Problem Question Solving

Problem Question
Presented by Patrick O’Connell - 15 August 2016
Organised by Miles Ma for the UNSW Law Society
as part of the Legal Knowledge Workshop Series
A. General Problem
I. A problem question emulates client ‘advice’
The answer is directed towards a client
• You will be asked to look at the legal consequence
• However, write in the 3rd person and no need to set it out
as a letter to the client
You should arrive at tentative conclusions
• Give an answer – do not just sit on the fence
• However, the conclusions should be tentative
II. The MIRAT Method of Problem Solving
Material Facts – extracting the information for the issue.
Issue – The questions a court would ask to decide the case.
Rule – statement of the position at law (case law or statute).
Application to the Facts – apply the rule to this case.
Tentative conclusion – come to a view on the application.
Brian is working at a Yeggles samples store in Hyde Park. Yeggles gives Brian
instructions on how to cook the chicken nuggets, including leaving them in the fastcook oven for “at least 5 minutes per batch.”
It is 1pm on Friday and there are a lot of people stopping at the stall. Brian is
overwhelmed by a large crowd and so only cooks each batch for 3. He then serves
a sample to George, who later becomes sick with salmonella food poisoning.
Reproduced with permission from author, William Vu.
III. Flexibly Apply MIRAT
Integrate material facts into the other parts of IRAT
• State the issue as it turns on the facts and apply the rule
You can assume the examiner knows the facts
• Do not simply paste in the facts – show insight
Often, you will have to consider multiple ‘branches’
• One set of facts may have multiple issues
• Or, an issue could turn on ambiguous facts
For non-contentious issues, do all the steps in one
B. Take-Home
I. Read the question and take notes
Read the question multiple times
• Take notes under the headings ‘who’, ‘where’ and ‘when’
Note what you have been asked to do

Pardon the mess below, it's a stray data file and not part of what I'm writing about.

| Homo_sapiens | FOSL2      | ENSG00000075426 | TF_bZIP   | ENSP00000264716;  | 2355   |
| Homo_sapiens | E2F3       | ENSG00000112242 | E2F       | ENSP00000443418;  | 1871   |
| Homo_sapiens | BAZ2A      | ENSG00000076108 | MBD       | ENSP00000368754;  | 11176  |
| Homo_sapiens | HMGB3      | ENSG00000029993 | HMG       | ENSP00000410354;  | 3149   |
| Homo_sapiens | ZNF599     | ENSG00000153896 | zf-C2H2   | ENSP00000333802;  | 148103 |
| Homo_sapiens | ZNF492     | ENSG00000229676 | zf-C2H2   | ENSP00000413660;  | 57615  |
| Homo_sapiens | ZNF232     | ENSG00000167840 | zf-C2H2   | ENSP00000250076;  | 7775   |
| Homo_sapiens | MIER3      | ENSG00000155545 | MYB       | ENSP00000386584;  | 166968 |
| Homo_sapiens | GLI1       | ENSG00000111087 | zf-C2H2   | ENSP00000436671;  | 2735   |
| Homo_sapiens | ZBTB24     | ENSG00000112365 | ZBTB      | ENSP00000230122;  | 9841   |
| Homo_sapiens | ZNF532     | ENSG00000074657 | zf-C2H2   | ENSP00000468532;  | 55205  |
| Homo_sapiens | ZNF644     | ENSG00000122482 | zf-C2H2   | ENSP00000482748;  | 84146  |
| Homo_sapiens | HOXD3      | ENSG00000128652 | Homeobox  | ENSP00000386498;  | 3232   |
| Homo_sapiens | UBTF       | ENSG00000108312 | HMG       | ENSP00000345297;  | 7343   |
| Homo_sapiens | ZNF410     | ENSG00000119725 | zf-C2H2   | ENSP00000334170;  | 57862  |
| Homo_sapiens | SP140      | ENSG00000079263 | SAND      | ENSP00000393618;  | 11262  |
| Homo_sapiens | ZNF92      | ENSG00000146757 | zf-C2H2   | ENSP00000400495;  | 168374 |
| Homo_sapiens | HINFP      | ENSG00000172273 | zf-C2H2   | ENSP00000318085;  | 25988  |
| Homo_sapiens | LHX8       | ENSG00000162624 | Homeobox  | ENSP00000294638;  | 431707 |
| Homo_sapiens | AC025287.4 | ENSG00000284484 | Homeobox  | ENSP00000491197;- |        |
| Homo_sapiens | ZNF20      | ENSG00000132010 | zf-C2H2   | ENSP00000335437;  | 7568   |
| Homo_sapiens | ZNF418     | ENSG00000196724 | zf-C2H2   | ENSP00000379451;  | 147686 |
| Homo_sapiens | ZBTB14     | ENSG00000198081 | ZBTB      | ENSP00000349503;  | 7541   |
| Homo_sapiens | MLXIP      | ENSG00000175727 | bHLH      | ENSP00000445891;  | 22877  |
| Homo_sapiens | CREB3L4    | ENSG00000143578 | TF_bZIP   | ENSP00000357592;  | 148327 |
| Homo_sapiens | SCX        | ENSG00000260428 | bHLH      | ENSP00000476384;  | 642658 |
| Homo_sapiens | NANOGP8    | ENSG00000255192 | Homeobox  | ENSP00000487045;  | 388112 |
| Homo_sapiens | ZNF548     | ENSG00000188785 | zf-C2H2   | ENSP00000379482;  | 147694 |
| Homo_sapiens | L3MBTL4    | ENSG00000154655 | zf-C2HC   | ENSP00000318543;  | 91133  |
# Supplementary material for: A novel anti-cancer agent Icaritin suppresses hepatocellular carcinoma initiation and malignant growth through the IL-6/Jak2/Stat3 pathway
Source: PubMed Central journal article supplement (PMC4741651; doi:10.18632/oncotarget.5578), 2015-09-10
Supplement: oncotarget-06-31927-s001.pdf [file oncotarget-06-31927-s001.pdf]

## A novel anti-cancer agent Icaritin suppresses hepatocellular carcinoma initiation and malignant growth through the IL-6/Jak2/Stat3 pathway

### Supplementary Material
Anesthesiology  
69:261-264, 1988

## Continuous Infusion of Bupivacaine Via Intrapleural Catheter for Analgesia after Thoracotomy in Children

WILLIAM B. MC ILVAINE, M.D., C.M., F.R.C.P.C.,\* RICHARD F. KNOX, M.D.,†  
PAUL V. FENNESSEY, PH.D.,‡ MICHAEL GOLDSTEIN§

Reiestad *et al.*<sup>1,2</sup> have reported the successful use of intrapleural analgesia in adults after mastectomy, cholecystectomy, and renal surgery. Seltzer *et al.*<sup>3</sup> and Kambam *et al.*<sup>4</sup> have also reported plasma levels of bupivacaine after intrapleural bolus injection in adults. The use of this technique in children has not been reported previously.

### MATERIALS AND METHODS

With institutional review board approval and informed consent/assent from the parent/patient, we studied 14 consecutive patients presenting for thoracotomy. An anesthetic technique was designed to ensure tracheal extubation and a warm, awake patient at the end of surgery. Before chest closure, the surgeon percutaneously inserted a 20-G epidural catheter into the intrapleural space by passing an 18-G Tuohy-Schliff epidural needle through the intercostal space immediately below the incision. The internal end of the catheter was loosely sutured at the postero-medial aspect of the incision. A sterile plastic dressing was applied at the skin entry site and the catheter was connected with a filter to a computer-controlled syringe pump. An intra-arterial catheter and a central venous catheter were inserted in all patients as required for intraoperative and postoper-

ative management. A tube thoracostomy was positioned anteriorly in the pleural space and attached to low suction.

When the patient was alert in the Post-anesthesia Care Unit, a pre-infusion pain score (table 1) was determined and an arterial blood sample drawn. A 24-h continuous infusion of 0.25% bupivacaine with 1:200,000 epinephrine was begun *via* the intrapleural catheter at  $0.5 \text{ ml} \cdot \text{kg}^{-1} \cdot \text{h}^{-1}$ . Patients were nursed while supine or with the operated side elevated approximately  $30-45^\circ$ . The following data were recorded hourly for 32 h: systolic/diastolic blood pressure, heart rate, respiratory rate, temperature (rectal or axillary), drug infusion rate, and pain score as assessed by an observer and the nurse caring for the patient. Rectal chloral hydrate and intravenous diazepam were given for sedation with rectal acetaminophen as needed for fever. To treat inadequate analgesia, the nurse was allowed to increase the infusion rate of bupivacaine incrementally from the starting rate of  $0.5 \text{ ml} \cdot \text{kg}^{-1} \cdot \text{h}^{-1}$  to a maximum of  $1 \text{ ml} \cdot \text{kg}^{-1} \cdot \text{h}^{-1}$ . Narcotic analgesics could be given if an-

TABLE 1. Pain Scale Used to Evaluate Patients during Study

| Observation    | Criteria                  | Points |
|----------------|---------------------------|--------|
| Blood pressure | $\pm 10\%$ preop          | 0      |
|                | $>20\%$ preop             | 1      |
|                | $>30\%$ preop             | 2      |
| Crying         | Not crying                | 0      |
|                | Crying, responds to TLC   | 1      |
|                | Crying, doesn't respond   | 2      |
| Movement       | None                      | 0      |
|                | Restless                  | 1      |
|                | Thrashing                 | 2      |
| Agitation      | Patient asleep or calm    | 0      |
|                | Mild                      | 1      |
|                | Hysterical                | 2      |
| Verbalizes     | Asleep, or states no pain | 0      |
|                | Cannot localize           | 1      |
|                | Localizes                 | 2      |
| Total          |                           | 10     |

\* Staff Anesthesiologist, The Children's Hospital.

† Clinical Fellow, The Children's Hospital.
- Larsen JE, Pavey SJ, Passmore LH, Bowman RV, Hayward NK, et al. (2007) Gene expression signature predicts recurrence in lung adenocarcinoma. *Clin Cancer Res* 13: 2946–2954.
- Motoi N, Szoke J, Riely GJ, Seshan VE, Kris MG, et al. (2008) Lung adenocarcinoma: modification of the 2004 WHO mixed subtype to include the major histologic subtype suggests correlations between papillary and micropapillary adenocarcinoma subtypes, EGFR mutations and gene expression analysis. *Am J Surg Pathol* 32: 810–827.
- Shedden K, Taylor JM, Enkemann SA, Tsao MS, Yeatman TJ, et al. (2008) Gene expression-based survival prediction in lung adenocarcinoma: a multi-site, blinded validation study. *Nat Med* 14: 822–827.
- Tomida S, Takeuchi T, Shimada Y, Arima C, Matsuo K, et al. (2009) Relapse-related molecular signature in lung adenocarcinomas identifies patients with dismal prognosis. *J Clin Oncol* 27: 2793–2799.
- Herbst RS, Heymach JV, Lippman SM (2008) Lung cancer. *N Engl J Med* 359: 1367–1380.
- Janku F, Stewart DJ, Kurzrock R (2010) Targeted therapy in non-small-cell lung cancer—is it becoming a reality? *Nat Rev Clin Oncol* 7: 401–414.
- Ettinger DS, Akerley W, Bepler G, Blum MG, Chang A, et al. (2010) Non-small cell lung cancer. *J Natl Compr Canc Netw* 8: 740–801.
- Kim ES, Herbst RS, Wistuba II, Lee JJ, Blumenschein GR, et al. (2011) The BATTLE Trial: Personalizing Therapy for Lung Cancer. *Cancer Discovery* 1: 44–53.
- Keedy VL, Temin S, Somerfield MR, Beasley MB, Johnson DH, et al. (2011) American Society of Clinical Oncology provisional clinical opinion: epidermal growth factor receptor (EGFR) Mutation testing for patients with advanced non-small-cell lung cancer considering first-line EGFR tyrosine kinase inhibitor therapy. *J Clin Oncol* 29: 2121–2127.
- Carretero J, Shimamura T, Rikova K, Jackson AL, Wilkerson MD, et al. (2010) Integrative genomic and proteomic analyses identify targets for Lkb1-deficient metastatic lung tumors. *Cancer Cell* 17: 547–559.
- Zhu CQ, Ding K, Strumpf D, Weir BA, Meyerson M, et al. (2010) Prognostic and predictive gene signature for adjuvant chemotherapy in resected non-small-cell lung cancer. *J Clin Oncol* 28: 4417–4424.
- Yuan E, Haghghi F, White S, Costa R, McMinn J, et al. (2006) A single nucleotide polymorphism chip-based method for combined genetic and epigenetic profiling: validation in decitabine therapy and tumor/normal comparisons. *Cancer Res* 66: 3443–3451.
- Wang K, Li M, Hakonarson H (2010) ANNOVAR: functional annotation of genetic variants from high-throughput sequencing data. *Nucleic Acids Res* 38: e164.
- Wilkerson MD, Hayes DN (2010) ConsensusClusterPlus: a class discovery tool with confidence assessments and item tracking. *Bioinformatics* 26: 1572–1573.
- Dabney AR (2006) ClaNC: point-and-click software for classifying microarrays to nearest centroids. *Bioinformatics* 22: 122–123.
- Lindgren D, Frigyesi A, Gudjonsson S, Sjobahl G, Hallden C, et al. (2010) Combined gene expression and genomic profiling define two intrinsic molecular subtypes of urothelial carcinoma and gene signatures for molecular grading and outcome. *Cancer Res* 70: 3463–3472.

• Who have you been asked to advise?
• Are there any limitations on what you can discuss?
Ask why you have been given a piece of information
• Most of the time, it is there for a reason
• However, some facts will simply be included as red herrings
II. Structuring your answer
Macro-structure will be individual to a problem question
• Individuals: step through each person you have been asked to
• Events: move chronologically through key points in the narrative
• Offences or Laws: group individual acts by the law that applies to
For each issue, break down sub-issues logically
• For example, in negligence, it makes sense to go:
Was a duty of care owed?
What was the scope of the duty of care?
Was the duty of care breached?
Did the breach cause the damage alleged?
What is the quantum of damages?
III. Focus on what is contentious
Write out your first draft in full
• Do not overlook any issues on your first draft, no matter
how trivial
• Use MIRAT as a guide to ensure each issue is fleshed out
Reduce non-contentious issues to a sentence
• For a number of issues you have written, the conclusion
will be very obvious, with limited controversy
• You are unlikely to be given many marks for answering
these issues, so you should reduce them
IV. Use alternative arguments
Where an issue is more contentious, present alternative arguments
Alternative arguments essentially consider what would happen if a
judge concluded differently to you either on:
– A different interpretation of the relevant law
– Facts are clarified which throw a different light on the situation
Introduce alternative arguments with phrases such as:
– In the alternative, …
– However, if a Court decides ______, …
– If instead, <X fact emerges>, …
V. Then cut back on words
1. Flexibly apply MIRAT
2. State the law succinctly, incorporating the facts
3. Do not go into dissents or academic discussions of law
4. Cut out unlikely alternative options
Focus on the application of law to the facts and on the most
contentious issues
The little things that matter
Proofread your work (and ask someone else to read it)
Check the assignment instructions for formatting
If there are no instructions, use size 12 Times New Roman
with double spacing, and number each page.
Use Clean Headings
In general, lecturers will not require you to use AGLC headings
Read over the AGLC
It involves more than just footnotes – please read Part1 as well
C. Exam Preparation
I. The question format is similar
The question will be similar, albeit shorter
• Take note of what you have been asked - the scope
is usually more limited
Take note of the time allowed to write the problem
• Planning time is well spent: avoid writing too much
on non-contentious issues
II. Organise your notes to focus on facts
Set out the law so you only need to think of the facts
• Write your notes as established propositions of the
current law, rather than worrying about differing
Keep separate notes from your essay notes
• In particular, do not confuse yourself with the
development of the law
Structure your notes so it follows the order of your
• The goal should be that you can blindly turn your notes
page by page and just be thinking of the facts
An Example of Succinct Notes of Law
III. Writing Succinctly in an Exam
Organised, short notes are your best friend
• Write them out in sentences you would use in an exam
You may be able to abbreviate
• Ask your lecturer if they are OK with this
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